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# FP1 June 2014 R Question 7 Watch

1. Why is the answer to part b) of question 7 on the June 2014 FP1 R paper (https://7cba9babeb0db0ff9468853e0b2d...20Edexcel.pdf) y-px = -2ap-ap^3 ?

I can see why it is -2ap as opposed to 2ap for the normal @ P, but I am confused as to why it is now -px not + px. The ap^2 term is the same in both P and P'.
2. (Original post by theDERS)
Why is the answer to part b) of question 7 on the June 2014 FP1 R paper (https://7cba9babeb0db0ff9468853e0b2d...20Edexcel.pdf) y-px = -2ap-ap^3 ?

I can see why it is -2ap as opposed to 2ap for the normal @ P, but I am confused as to why it is now -px not + px. The ap^2 term is the same in both P and P'.
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3. (Original post by theDERS)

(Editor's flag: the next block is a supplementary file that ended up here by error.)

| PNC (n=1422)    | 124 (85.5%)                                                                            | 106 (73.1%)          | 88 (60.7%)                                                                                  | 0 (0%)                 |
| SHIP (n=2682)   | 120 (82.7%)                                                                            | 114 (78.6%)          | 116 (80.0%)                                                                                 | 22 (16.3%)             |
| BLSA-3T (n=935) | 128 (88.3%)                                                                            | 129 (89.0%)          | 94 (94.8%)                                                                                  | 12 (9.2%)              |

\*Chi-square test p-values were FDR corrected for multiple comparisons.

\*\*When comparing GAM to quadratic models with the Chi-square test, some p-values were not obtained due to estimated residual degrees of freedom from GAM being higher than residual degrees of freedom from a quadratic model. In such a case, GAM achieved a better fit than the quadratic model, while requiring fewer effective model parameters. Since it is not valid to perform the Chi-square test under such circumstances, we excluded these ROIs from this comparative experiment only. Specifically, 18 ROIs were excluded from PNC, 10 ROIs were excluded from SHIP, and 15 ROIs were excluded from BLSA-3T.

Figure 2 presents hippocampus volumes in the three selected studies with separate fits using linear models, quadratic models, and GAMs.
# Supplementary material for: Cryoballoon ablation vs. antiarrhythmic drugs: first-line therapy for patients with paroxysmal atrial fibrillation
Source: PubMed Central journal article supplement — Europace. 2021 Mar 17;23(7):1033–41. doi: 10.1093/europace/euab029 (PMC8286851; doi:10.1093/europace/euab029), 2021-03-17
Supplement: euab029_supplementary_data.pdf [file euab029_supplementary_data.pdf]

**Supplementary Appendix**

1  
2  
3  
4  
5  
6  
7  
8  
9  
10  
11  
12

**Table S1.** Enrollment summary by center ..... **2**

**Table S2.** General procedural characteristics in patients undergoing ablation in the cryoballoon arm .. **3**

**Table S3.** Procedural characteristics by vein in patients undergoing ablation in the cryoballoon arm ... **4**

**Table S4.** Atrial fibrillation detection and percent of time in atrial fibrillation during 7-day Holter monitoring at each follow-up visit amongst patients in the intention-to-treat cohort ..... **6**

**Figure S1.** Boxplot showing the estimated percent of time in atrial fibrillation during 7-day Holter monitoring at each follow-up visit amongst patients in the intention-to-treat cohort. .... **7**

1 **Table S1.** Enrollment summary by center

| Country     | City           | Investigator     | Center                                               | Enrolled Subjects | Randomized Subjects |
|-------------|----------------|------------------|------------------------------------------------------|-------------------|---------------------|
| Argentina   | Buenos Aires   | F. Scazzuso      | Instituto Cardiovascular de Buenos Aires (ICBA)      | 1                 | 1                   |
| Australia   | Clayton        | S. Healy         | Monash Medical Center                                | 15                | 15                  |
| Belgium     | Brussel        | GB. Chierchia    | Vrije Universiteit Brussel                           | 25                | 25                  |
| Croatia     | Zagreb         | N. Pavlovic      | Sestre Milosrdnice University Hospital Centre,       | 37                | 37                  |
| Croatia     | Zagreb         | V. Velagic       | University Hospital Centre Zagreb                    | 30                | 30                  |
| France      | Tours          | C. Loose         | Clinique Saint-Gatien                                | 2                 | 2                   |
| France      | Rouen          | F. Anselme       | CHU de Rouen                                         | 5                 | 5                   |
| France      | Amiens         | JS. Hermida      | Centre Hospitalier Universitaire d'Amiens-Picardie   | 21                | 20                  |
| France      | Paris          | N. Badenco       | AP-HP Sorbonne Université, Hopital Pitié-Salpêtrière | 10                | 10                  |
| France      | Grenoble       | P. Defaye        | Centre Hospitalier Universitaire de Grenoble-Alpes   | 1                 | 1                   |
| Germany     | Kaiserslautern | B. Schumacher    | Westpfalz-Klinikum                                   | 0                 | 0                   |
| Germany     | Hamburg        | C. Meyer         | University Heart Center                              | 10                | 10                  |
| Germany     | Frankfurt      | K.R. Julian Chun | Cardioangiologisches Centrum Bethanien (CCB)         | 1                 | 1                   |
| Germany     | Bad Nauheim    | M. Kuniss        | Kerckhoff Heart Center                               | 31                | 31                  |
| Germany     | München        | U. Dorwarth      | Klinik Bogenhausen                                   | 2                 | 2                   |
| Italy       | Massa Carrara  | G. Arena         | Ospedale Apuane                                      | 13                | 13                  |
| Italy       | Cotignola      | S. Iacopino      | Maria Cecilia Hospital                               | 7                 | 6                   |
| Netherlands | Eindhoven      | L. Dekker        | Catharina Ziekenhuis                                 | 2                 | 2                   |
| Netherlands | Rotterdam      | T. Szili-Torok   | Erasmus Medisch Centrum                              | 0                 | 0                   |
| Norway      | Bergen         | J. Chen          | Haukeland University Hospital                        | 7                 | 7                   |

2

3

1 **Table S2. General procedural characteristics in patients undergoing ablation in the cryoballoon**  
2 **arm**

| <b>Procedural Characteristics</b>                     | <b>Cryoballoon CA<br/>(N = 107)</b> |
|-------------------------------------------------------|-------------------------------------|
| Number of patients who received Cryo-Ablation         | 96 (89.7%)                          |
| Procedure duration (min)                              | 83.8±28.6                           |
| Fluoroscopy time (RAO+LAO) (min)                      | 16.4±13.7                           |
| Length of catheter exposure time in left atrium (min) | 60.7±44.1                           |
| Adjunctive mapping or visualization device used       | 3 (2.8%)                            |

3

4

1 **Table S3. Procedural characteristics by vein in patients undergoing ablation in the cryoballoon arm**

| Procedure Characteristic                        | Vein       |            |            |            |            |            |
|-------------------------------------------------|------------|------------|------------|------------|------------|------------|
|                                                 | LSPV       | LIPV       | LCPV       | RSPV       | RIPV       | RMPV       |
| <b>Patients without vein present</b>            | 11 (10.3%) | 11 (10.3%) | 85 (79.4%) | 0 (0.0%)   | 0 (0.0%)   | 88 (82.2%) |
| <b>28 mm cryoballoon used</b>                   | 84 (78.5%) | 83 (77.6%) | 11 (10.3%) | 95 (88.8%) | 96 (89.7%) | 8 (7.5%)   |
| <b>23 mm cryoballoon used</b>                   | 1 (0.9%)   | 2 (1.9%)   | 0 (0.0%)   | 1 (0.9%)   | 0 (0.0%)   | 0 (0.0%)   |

Why is the answer to part b) of question 7 on the June 2014 FP1 R paper (https://7cba9babeb0db0ff9468853e0b2d...20Edexcel.pdf) y-px = -2ap-ap^3 ?

I can see why it is -2ap as opposed to 2ap for the normal @ P, but I am confused as to why it is now -px not + px. The ap^2 term is the same in both P and P'.
From C2 you'll be used to the gradient depending only on the x-coordinate.

But for this curve you have two different gradients at . One when and another when . Try drawing a sketch and that should hopefully become clear.

Implicit differentiation is useful here to avoid this confusion. If you haven't learnt that yet (C4) then use when you differentiate.

is the part above the x-axis and is the part below.
4. (Original post by notnek)
From C2 you'll be used to the gradient depending only on the x-coordinate.

But for this curve you have two different gradients at . One when and another when . Try drawing a sketch and that should hopefully become clear.

Implicit differentiation is useful here to avoid this confusion. If you haven't learnt that yet (C4) then use when you differentiate.

is the part above the x-axis and is the part below.
Thanks for the response, I have gone over the question with this in mind and understand it now.

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